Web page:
Voicing frustration and lacking options, Missoula County on Thursday sent a letter to the U.S. Environmental Protection Agency, the state's congressional delegation and the governor, citing concerns over the lack of progress and adequate testing at the former Smurfit-Stone Container Mill.

After what's proven to be a protracted process that has taken years, the county remains concerned that the risk to human and ecological health has not been adequately addressed in the EPA's assessment of former pulp and paper mill.

“That risk assessment has to be completed before the remedial investigation is finalized and you can move on to discussing the feasibility studies and what the options are for remedy,” said Travis Ross. “It's a critical point where these risk assessments will define what the actual risk on the ground is to ecological receptors and to humans.”

Ross, an environmental health specialist with the county, cited four lingering concerns over the EPA's current risk assessment, which covers much of the abandoned site, including the former industrial core, the sludge ponds and the Clark Fork River floodplain.

The county believes the EPA's approach to testing, which involved a grid, doesn't work in evaluating the true level of contamination since the system results in averages. The county also said the risk assessment failed to consider the river's channel migration.

“One risk that still hasn't been addressed despite repeated correspondence is the risk of channel movement, with the Clark Fork reoccupying the site, which it did in 1955,” Ross said.

The county reiterated that concern in its letter to the EPA, saying that “the berms surrounding the Smurfit Stone site are masking a huge liability and risk to the ecosystem and to people. Catastrophic failure is a real threat, and that risk should be evaluated.”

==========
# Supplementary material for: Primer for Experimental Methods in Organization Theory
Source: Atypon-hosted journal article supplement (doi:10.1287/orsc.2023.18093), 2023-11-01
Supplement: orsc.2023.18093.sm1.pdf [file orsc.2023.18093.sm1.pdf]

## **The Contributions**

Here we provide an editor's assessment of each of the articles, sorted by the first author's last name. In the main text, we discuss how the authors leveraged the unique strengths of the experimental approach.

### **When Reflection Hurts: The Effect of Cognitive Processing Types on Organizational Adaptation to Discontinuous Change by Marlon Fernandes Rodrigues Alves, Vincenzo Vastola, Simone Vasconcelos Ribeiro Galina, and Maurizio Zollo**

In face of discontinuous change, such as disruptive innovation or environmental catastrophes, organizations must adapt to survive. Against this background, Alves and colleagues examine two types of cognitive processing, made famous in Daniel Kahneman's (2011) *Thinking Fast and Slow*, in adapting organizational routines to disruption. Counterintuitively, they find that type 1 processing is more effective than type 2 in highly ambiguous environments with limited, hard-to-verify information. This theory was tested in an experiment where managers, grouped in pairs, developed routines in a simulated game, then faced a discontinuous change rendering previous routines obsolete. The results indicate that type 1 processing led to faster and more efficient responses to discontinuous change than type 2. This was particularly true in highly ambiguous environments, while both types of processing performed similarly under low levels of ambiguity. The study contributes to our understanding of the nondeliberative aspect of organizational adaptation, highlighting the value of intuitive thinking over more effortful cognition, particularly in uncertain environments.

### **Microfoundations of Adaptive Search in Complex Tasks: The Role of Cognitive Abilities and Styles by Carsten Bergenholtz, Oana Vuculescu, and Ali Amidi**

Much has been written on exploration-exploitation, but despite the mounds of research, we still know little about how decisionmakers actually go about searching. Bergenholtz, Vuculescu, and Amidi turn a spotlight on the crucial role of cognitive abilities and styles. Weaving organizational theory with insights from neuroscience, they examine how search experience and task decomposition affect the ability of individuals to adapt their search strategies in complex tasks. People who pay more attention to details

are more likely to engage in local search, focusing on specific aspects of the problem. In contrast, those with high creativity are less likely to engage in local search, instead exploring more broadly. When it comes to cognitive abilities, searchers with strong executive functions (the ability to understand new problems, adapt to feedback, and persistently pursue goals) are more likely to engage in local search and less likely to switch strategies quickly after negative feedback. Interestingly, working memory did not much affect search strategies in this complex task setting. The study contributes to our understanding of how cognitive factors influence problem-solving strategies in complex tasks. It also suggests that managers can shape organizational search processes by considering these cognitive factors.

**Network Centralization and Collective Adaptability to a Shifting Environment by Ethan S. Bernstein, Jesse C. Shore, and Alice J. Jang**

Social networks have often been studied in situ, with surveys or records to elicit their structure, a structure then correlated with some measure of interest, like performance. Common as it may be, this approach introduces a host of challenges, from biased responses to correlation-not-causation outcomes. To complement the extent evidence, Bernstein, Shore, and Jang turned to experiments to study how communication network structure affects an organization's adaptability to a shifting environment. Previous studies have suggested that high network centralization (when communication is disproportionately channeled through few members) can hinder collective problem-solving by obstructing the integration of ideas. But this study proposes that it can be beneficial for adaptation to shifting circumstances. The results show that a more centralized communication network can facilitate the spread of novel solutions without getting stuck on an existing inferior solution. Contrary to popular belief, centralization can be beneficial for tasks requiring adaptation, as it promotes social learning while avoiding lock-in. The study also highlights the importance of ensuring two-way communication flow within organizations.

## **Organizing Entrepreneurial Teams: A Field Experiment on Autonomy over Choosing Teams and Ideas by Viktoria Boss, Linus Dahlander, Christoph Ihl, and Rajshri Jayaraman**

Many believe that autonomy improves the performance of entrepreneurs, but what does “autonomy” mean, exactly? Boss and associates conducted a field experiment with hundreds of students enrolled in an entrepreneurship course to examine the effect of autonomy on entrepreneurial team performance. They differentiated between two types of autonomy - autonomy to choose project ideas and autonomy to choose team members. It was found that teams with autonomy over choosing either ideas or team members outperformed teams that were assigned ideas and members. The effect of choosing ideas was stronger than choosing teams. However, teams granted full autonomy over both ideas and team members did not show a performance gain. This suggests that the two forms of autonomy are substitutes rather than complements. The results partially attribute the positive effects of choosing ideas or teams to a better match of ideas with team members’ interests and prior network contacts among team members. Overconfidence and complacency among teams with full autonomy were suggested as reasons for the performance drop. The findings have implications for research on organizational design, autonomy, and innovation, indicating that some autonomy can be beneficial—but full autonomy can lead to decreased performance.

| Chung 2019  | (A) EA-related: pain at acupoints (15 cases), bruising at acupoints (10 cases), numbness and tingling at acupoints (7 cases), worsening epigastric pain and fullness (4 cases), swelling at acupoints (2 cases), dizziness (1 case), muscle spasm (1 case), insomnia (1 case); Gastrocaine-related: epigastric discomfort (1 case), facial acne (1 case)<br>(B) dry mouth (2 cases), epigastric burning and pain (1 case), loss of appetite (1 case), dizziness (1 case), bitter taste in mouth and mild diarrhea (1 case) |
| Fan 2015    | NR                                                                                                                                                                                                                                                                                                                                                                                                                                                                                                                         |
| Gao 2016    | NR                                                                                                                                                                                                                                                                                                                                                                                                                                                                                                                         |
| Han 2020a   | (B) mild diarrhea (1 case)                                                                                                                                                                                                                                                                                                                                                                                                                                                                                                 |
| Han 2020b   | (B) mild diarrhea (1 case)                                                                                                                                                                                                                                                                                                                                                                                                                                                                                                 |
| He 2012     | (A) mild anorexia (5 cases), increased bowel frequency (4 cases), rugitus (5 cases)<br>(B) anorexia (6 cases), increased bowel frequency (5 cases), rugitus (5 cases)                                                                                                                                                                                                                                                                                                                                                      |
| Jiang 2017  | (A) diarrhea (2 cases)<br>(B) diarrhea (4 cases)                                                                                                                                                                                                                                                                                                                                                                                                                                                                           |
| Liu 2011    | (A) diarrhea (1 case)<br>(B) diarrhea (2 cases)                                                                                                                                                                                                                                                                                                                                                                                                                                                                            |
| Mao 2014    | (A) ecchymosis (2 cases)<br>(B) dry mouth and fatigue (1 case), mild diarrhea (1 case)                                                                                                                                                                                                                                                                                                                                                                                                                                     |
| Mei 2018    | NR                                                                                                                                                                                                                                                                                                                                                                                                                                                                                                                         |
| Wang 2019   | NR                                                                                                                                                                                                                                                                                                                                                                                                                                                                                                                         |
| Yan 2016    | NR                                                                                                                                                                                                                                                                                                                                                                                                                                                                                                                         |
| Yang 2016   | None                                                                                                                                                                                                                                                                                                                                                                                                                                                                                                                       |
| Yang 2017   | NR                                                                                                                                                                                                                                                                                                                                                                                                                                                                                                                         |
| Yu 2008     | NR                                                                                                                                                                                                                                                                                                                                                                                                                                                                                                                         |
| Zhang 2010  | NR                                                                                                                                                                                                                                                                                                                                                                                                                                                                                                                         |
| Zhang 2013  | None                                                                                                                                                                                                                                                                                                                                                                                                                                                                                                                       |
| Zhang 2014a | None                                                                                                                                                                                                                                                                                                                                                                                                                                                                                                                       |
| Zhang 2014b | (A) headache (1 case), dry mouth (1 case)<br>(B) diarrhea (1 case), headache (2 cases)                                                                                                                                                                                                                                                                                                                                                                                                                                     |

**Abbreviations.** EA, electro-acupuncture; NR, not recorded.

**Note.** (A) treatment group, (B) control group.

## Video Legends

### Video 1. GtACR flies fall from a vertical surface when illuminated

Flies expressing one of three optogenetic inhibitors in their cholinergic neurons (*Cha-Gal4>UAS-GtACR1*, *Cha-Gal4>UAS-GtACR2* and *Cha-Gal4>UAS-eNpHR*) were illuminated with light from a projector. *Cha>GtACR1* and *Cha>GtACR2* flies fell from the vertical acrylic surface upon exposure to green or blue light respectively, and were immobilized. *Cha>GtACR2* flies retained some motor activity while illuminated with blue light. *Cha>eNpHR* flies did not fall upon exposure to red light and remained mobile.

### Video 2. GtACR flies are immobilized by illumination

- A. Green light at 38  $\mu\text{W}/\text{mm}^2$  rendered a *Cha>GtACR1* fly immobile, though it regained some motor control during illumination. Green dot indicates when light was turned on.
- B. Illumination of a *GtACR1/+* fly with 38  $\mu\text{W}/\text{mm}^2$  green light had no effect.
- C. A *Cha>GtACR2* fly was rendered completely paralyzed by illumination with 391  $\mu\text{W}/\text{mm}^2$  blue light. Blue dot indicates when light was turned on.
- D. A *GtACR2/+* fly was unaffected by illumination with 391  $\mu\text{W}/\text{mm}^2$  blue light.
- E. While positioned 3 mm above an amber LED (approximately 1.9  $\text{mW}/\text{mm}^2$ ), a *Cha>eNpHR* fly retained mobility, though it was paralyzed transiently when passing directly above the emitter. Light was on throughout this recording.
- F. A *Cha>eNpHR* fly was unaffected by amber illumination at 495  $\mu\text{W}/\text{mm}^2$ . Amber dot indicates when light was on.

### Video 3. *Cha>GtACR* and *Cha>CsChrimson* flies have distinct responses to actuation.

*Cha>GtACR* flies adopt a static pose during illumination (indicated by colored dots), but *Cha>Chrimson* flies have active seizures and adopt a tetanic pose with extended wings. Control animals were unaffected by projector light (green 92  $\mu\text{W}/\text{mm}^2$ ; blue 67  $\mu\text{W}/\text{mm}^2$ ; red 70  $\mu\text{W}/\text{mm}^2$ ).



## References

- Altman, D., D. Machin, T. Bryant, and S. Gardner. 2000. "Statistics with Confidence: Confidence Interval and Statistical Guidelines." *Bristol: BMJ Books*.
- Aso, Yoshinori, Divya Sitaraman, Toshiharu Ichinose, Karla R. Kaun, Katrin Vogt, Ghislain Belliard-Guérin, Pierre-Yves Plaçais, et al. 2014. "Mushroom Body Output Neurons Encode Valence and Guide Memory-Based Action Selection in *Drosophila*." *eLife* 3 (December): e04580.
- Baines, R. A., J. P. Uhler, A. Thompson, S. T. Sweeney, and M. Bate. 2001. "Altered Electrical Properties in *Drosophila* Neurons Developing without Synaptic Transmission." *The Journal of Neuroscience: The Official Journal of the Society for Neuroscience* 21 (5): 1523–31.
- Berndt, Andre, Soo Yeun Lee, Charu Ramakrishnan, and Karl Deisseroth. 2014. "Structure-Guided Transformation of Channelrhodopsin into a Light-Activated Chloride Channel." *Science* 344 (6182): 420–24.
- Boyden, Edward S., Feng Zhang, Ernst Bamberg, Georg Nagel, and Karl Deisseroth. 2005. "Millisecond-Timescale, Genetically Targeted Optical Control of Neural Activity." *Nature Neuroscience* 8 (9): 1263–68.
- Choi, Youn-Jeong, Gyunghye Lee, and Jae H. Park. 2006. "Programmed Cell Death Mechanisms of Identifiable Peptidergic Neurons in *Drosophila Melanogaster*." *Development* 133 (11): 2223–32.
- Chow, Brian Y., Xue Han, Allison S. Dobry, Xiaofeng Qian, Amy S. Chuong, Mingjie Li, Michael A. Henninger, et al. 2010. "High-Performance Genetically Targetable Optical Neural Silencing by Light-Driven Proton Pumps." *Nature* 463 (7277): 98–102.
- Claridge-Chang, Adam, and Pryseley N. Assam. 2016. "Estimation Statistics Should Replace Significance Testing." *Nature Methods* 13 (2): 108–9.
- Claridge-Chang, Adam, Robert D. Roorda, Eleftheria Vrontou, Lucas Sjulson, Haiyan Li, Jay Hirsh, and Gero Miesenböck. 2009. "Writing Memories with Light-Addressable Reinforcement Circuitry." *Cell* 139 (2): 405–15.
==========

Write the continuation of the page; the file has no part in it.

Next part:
The county also believes the EPA failed to include the results of a 2018 study on tissue samples taken from fish downstream of the mill to Noxon. After those tests, the state deemed the fish unsafe for human consumption.

Add it up and the county feels the EPA is not in a position to offer a true risk assessment. But it's also concerned that by requesting more data, the process will continue to drag on, perhaps lasting several more years.

However, commissioners believe more data and more time may be the best approach.

“If the future cleanup is going to be based on what the risks actually are, it's super important that we get these details right, even if it takes longer,” said Commissioner Josh Slotnick. “Then we'll get the cleanup that actually gets things cleaned up. If we work off inaccurate data, we'll get an incomplete cleanup. The delay would actually be worth it.”

Ross agrees with commissioners.

“The site is complicated enough and has discharged so much over so many years, it's difficult to assess the risks, and to feel confident that the risks are assessed in such a way that they're going to lead to cleanup,” he said.